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Article summary:

1. A hybrid hydrogen-carbon process for producing liquid hydrocarbon fuels from biomass and carbon-free energy has been proposed, which could supply the entire US transportation sector using less land area than other biomass-based routes.

2. The H2CAR process provides a high-density method for storing massive quantities of hydrogen and reduces the need for CO2 sequestration in coal-to-liquid fuel production.

3. The proposed solution addresses challenges associated with alternative energy carriers such as electricity and hydrogen, including storage density and cost, while utilizing existing infrastructure.

Article analysis:

The article "Sustainable fuel for the transportation sector" proposes a hybrid hydrogen-carbon (H2CAR) process for the production of liquid hydrocarbon fuels using biomass as the carbon source and hydrogen from carbon-free energy. The article highlights several advantages of this process, including reduced land area needed for biomass growth, potential to supply the entire US transportation sector from current biomass quantities, H2 storage in an open loop system, and no additional CO2 release to the atmosphere compared to petroleum use.

While the proposed process has potential benefits, there are some biases and missing points of consideration in the article. For example, the article does not address potential environmental impacts of increased biomass production or land-use changes associated with it. Additionally, while the article notes that CO2 capture and sequestration is a challenge for coal-to-liquid processes, it does not mention potential risks associated with H2 storage or transportation.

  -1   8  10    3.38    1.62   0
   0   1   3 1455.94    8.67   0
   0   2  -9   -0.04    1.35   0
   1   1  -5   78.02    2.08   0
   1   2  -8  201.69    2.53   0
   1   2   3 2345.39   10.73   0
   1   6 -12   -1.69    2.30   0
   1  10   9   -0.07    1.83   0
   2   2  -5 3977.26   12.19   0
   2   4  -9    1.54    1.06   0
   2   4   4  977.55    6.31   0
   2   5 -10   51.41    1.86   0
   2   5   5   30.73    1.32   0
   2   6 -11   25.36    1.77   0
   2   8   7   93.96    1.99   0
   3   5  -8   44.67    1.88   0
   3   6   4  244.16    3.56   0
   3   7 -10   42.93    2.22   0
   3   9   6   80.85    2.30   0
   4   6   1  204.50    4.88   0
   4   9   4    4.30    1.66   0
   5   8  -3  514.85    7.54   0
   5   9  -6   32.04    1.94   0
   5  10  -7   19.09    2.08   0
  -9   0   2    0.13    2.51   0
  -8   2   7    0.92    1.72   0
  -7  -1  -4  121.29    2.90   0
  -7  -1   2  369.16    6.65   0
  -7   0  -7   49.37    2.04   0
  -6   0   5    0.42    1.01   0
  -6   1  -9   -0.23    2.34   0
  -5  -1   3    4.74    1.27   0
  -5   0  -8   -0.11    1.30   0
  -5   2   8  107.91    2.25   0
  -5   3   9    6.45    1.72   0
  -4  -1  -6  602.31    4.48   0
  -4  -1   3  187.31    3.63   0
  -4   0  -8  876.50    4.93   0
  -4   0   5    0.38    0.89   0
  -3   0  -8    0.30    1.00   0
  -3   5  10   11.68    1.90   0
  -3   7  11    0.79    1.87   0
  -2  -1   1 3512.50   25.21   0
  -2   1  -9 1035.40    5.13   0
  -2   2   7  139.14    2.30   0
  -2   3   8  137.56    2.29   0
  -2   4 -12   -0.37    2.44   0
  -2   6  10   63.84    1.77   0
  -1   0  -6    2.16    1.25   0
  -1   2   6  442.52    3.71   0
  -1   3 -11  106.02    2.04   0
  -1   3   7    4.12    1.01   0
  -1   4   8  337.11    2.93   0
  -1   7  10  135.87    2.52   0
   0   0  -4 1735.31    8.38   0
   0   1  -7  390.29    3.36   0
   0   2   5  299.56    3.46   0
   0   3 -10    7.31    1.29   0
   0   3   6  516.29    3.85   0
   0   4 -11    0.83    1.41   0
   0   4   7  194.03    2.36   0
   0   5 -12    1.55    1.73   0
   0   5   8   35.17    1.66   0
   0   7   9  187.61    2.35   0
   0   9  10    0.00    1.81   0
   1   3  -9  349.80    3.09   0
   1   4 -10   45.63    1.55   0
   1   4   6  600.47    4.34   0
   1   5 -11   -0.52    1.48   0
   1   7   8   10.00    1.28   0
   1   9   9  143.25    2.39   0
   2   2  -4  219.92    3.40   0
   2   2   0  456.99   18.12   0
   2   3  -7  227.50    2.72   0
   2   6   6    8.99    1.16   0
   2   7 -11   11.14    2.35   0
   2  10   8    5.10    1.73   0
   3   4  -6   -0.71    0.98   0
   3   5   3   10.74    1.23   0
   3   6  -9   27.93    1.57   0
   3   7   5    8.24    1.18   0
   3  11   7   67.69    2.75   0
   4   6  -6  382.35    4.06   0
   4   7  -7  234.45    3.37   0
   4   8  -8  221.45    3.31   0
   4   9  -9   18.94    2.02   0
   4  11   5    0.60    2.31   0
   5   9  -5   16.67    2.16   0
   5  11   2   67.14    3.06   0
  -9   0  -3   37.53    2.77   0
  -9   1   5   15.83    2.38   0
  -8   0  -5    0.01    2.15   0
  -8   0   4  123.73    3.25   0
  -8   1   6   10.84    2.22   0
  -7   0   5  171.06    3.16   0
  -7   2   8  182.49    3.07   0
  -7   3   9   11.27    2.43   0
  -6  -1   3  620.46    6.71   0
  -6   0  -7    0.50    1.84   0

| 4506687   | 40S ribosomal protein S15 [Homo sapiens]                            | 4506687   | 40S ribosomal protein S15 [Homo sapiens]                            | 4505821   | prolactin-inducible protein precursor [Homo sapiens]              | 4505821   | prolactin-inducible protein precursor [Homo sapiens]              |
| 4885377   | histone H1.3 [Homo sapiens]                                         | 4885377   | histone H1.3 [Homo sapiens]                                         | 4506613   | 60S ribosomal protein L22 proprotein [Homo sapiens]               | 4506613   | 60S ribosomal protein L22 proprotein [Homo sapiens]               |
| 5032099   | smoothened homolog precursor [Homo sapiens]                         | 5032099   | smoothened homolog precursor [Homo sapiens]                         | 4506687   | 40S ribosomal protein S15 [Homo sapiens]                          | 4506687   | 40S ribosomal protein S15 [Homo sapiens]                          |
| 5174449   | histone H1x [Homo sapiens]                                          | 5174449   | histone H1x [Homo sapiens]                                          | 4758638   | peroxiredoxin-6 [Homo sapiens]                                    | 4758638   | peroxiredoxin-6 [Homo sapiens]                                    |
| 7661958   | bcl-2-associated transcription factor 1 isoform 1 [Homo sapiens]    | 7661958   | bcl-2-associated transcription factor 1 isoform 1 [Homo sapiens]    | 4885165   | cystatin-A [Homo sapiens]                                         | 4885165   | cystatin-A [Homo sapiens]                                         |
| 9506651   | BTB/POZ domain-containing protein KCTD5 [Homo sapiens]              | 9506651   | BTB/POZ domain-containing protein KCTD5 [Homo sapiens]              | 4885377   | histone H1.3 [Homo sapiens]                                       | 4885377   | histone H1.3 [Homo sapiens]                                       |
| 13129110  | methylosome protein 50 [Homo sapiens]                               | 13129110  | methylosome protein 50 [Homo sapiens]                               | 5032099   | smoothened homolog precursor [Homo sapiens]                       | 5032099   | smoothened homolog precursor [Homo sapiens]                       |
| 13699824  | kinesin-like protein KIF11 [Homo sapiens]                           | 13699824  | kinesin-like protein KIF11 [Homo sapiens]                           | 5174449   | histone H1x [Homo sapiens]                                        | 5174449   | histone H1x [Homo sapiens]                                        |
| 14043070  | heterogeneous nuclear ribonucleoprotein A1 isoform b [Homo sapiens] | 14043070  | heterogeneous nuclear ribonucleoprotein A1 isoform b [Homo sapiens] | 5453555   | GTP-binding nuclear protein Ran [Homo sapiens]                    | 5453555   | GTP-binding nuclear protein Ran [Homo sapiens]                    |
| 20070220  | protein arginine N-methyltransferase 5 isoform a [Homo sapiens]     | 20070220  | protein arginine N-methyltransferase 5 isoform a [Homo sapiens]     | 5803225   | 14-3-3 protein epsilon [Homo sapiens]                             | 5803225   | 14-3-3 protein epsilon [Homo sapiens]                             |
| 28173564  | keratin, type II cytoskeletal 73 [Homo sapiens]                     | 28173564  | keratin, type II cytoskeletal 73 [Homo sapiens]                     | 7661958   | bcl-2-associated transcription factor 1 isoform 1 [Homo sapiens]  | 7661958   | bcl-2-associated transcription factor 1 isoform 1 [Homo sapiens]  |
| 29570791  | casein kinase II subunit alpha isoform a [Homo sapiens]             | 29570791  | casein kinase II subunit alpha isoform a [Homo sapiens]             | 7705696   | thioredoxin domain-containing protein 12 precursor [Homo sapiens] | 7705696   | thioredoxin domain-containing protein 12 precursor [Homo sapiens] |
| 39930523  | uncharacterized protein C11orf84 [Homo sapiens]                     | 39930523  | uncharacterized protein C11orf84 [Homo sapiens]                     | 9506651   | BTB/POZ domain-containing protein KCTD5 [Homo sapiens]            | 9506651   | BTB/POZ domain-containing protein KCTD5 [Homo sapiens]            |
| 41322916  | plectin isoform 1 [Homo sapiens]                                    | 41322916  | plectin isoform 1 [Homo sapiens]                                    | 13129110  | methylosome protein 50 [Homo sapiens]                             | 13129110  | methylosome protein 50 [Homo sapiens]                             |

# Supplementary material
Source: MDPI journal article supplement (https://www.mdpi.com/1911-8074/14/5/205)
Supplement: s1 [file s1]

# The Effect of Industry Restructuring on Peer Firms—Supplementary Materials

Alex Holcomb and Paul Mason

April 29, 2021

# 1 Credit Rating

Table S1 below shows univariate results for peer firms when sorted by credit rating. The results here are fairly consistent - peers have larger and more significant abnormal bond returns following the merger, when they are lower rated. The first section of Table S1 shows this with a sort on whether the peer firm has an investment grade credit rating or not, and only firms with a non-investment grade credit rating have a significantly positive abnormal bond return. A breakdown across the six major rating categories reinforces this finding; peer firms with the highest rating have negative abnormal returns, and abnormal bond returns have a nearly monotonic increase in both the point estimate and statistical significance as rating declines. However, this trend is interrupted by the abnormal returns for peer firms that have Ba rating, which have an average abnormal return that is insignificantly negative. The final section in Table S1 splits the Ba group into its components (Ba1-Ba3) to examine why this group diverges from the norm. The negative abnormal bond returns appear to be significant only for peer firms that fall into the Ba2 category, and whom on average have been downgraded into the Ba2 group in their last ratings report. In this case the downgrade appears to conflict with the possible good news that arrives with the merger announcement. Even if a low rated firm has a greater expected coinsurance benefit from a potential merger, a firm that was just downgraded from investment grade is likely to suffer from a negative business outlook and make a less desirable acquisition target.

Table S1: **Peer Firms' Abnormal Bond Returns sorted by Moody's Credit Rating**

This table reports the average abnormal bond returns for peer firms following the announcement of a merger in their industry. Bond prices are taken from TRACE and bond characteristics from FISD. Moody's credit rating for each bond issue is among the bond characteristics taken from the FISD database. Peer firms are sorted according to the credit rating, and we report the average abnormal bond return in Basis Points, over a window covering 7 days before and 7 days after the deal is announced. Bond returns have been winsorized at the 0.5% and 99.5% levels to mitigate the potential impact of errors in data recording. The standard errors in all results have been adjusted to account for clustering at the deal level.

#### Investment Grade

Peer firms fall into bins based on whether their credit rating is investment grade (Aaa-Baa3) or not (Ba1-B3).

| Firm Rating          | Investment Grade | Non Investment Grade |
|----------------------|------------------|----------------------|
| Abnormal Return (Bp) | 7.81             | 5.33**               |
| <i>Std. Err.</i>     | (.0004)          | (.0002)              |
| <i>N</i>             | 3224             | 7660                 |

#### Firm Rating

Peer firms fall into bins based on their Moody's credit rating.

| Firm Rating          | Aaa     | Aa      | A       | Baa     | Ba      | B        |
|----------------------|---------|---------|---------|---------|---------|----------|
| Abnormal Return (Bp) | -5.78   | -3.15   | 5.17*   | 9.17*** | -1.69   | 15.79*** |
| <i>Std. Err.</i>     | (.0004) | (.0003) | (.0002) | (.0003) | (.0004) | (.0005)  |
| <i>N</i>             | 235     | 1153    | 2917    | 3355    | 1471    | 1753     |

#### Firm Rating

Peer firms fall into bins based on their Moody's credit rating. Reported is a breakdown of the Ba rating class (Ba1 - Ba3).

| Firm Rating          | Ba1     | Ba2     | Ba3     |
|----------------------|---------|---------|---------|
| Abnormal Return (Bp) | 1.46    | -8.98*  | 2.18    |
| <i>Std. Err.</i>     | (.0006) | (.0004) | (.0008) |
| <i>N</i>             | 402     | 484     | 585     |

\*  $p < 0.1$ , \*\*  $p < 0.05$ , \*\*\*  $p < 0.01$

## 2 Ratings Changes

Furthermore, the article presents a one-sided view of alternative energy carriers for transportation by focusing solely on electricity and hydrogen. It does not consider other options such as biofuels or natural gas. Additionally, while the article notes that batteries and H2 have lower energy densities than liquid hydrocarbons, it does not explore potential solutions to these challenges.

The article also contains promotional content for the proposed H2CAR process without fully exploring counterarguments or presenting both sides equally. For example, while it notes that coal-to-liquid processes lead to added carbon release compared to petroleum use, it does not mention potential drawbacks of using biomass as a sole source of energy.

Overall, while the proposed H2CAR process has potential benefits for sustainable fuel production in the transportation sector, more research is needed to fully understand its environmental impacts and feasibility. The article could benefit from presenting a more balanced view of alternative energy carriers and addressing potential risks associated with H2 storage and transportation.